Many people have been told the best course of action when dealing with back pain is to stabilise the back, strengthen the core muscles, and then rely on massage and other forms of manual therapy. Although these things can definitely help with back pain, there is very limited evidence to support that having a weak or unstable core has any bearing on the severity of your back pain. Similarly, research also indicates that core or motor control (stability exercises) are no more effective than any other form of general exercise in relieving back pain.
The most important thing you can do to support your recovery from back pain is, therefore, to simply stay active with activities you can comfortably tolerate. The worst thing you can do for your back pain is to remain sedentary - staying active within your threshold as well as gradual return to previous activity level is key.
There is no one activity that seems significantly better than another when it comes to back pain recovery. Since adhering to exercising can be a struggle for some, most people should probably choose something they enjoy, are happy to do regularly, and that the body can tolerate. If you love doing core-exercises, great! Keep doing them as they can help with pain and increasing strength. But you don’t have to think that the reason they help is because you have a weak and unstable spine and that doing stability exercises makes the “core” stronger and more stable. It’s more likely that it’s because exercise and movement in general is hypo-analgesic (pain-killing) and that doing exercises and staying active increases the physical and mental resilience of your body including your back.
There has been a recent study that has found strengthening exercise to be marginally more effective than other interventions, so incorporating a strength-focused exercise plan into your routine can be recommended.
Research has also shown that walking, which is easy to do and quite accessible for most people, is as effective at improving back pain as other non-pharmacological interventions such as yoga, stress-reduction tools, and physiotherapy rehabilitation.
Walking is a good activity to help your back pain, as it is low-load and low-stress, and can be low-intensity as well. Taking a few steps is not as demanding as many other types of exercises, so it’s often one of the first exercises that people with back pain choose to start building their activity levels with.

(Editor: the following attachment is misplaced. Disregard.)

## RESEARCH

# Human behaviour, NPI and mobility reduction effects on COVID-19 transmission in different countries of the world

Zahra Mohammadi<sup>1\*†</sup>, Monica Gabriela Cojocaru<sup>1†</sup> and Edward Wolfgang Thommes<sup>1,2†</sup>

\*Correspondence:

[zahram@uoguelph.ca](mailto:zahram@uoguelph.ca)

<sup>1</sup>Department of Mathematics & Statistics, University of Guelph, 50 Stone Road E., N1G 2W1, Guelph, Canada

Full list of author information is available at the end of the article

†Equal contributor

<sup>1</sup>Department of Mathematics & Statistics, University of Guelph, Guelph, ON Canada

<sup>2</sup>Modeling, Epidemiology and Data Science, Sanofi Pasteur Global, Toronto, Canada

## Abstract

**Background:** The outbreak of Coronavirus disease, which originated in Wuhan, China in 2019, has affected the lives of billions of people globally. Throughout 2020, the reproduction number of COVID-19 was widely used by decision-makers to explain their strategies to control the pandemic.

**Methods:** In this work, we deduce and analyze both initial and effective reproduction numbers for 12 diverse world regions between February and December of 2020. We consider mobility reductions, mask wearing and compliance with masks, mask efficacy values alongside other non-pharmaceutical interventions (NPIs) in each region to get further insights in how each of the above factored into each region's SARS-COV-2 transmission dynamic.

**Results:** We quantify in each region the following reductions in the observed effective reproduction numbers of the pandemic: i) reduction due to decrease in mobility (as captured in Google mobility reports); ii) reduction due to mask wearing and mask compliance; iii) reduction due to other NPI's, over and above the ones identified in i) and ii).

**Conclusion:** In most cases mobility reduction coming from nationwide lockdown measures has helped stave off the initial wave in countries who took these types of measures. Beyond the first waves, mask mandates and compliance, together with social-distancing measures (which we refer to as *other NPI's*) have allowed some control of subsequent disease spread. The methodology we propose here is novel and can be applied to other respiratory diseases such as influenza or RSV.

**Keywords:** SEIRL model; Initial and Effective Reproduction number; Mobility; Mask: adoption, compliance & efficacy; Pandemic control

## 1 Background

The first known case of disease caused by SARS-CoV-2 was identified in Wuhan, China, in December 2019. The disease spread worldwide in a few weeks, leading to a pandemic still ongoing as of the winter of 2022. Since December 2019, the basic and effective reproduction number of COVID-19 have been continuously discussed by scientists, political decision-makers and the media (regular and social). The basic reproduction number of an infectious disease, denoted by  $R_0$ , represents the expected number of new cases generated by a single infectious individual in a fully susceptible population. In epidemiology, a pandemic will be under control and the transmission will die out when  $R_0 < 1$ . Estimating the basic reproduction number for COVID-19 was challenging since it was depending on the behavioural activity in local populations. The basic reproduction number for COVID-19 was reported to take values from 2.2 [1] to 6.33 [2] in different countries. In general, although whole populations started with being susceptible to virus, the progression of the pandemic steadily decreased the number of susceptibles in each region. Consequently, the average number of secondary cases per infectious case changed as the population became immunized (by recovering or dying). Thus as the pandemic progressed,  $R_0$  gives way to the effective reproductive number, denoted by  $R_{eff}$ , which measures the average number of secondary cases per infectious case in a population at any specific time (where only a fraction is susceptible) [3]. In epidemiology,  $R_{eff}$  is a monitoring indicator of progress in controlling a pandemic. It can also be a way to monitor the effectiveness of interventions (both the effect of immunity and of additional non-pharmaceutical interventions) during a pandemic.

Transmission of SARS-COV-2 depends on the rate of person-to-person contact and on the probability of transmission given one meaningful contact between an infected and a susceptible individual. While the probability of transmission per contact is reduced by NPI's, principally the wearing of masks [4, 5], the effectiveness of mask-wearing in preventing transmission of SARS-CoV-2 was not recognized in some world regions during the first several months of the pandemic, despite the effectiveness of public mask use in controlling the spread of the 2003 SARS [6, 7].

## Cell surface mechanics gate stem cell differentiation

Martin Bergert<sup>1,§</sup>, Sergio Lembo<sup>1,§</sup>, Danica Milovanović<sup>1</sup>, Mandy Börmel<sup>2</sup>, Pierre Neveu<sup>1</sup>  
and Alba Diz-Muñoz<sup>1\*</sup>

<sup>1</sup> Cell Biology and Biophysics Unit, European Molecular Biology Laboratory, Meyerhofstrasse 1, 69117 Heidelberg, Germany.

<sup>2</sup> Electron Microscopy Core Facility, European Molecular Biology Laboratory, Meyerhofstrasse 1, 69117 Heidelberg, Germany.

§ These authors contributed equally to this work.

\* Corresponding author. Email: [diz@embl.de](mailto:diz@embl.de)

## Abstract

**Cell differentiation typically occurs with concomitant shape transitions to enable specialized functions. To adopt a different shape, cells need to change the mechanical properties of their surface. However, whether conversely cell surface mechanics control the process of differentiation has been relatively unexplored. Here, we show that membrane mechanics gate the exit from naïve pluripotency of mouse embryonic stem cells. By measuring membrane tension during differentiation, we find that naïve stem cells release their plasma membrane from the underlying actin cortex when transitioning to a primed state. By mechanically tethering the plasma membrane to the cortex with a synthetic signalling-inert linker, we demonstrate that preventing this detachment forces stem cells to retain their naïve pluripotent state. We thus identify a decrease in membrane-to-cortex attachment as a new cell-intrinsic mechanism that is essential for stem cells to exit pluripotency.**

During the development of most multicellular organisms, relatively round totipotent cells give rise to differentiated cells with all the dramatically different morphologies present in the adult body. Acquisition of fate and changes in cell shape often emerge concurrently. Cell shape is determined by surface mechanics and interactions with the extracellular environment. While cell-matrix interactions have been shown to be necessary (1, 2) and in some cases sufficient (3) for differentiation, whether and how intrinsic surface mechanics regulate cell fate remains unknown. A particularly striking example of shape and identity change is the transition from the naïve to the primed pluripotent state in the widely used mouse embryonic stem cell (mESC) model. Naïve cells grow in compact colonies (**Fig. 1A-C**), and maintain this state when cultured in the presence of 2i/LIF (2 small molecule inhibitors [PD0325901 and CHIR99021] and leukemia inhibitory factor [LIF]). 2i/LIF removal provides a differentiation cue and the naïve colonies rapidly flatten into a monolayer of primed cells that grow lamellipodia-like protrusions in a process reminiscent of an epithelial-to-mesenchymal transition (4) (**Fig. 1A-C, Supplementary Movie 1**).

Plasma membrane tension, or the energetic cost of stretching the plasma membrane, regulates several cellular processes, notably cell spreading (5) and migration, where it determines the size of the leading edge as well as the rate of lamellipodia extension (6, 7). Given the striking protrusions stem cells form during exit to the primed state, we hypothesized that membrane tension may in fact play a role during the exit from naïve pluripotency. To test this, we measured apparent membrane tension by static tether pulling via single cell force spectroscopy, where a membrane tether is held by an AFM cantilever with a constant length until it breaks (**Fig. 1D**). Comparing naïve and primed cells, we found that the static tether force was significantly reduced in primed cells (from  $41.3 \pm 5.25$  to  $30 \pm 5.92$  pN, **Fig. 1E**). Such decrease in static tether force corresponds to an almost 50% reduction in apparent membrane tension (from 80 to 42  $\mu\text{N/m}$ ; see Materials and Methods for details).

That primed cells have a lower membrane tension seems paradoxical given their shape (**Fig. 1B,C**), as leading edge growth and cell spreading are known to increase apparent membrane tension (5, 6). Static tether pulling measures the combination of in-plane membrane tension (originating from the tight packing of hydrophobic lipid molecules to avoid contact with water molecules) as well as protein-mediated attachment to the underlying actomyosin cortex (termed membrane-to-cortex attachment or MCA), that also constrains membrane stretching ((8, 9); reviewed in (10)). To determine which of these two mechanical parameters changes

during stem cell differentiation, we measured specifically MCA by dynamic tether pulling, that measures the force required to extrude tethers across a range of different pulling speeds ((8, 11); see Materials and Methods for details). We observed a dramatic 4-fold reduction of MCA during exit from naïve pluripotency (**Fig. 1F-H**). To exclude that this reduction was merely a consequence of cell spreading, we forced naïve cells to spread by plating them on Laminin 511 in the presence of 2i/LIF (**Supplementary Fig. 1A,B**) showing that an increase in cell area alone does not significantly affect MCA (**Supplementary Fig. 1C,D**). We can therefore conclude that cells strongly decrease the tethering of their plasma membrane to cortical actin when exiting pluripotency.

When starting a walking program, find a threshold (whether that’s time or distance specific) that you can tolerate comfortably, and then build it up from there.
If you are finding it difficult at first, take it slow. You may find that smaller, but more frequent walks are easier for you to tolerate than one long walk.
As you build your tolerance and your back pain improves, you will then be able to return to more strenuous activities and increase intensity.
Here at Reach, keeping active and building back up to the life you want and see for yourself is what we preach, and what we aim to help you achieve. Read more about us here.
- Searle (2015); Exercise interventions for the treatment of chronic low back pain: a systematic review and meta-analysis of randomised controlled trials.
- Byrnes (2018); Is Pilates an effective rehabilitation tool? A systematic review.
- Sitthipornvorakul (2018); The effects of walking intervention in patients with chronic low back pain: A meta-analysis of randomized controlled trials.
- Lawford (2016); Does walking improve disability status, function, or quality of life in adults with chronic low back pain? A systematic review.
- Rehaud (2013); Which physical activities and sports can be recommended to chronic low back pain patients after rehabilitation?
- Shipton (2018); Physical therapy approaches in the treatment of low back pain